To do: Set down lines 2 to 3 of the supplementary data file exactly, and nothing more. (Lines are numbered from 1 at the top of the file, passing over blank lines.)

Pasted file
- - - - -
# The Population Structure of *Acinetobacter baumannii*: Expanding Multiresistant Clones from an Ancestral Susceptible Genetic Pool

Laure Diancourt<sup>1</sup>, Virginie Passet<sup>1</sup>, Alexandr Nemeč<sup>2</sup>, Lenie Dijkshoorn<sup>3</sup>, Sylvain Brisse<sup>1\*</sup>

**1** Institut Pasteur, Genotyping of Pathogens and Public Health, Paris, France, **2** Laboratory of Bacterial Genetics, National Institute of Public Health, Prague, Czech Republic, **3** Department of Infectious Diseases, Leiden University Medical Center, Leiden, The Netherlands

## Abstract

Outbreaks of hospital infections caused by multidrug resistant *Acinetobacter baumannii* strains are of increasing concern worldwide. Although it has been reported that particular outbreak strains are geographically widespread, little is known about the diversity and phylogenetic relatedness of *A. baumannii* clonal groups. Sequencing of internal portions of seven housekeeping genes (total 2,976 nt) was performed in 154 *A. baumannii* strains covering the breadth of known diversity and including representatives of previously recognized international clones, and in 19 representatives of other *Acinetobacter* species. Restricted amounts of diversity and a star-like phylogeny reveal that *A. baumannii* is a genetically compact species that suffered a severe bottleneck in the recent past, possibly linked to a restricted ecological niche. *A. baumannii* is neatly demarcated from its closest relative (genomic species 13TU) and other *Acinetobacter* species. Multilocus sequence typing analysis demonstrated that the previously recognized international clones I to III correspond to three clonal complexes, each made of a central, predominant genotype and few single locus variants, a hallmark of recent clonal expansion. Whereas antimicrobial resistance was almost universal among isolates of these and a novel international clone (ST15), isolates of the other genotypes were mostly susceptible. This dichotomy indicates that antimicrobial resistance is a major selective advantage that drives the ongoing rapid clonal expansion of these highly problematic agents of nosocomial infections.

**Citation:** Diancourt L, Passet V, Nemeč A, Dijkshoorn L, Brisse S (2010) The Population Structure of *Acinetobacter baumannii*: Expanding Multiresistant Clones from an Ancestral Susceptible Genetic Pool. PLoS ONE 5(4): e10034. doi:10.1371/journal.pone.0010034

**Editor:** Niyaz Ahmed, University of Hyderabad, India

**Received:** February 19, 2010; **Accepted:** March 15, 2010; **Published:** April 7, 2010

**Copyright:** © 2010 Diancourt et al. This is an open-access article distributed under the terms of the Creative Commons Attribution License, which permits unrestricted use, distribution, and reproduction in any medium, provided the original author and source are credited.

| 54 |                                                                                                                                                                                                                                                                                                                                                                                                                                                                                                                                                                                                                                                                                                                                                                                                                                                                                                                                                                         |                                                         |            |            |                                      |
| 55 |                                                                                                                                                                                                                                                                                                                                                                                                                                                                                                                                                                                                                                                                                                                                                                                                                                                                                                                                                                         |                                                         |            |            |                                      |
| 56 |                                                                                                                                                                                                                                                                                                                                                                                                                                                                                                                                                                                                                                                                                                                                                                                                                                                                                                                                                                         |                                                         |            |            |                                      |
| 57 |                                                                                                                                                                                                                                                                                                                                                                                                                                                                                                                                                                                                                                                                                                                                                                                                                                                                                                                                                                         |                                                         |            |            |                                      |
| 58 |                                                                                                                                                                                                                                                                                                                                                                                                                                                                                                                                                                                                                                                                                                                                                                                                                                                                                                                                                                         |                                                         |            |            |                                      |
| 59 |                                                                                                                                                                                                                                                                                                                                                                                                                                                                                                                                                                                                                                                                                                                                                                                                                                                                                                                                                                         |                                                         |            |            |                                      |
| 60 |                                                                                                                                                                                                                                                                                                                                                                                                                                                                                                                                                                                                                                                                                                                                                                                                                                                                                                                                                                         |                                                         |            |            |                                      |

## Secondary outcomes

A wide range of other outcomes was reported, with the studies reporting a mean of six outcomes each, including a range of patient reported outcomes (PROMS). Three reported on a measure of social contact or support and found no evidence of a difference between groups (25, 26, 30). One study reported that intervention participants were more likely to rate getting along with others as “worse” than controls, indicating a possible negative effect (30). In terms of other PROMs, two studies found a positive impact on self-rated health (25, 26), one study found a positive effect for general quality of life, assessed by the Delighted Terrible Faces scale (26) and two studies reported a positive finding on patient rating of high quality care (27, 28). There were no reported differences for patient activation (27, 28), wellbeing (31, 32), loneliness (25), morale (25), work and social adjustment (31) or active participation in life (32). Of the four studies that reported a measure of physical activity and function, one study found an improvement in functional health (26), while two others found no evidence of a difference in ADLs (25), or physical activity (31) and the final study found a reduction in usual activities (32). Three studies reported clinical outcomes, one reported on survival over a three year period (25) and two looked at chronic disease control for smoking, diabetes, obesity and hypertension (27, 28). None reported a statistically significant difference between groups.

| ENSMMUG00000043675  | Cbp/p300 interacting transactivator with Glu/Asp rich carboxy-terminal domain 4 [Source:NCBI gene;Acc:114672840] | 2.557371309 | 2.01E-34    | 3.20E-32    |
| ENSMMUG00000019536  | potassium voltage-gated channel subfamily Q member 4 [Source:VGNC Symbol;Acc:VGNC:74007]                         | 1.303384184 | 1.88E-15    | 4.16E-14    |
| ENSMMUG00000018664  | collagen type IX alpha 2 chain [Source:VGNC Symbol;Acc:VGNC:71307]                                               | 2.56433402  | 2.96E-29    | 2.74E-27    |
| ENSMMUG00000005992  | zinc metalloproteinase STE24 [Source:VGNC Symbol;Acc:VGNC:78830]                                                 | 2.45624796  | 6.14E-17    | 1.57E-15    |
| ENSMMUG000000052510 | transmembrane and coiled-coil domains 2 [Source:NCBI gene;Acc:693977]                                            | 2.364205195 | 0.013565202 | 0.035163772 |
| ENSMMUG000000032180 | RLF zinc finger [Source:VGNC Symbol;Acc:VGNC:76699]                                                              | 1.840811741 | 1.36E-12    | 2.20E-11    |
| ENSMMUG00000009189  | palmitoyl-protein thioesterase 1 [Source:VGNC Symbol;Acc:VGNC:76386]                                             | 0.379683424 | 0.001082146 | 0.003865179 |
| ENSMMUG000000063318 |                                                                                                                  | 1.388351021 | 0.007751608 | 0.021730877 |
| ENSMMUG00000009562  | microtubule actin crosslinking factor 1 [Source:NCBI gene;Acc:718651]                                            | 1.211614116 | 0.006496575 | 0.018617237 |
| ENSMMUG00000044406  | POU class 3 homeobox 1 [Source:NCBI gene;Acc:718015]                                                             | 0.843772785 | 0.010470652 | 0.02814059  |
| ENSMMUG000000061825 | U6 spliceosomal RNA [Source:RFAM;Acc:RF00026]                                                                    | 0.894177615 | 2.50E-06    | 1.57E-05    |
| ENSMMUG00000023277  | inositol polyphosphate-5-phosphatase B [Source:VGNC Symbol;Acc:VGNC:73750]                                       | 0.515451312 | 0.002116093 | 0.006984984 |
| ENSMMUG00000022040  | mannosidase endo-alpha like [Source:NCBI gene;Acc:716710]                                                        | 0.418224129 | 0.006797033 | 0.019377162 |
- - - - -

Laure Diancourt<sup>1</sup>, Virginie Passet<sup>1</sup>, Alexandr Nemeč<sup>2</sup>, Lenie Dijkshoorn<sup>3</sup>, Sylvain Brisse<sup>1\*</sup>

**1** Institut Pasteur, Genotyping of Pathogens and Public Health, Paris, France, **2** Laboratory of Bacterial Genetics, National Institute of Public Health, Prague, Czech Republic, **3** Department of Infectious Diseases, Leiden University Medical Center, Leiden, The Netherlands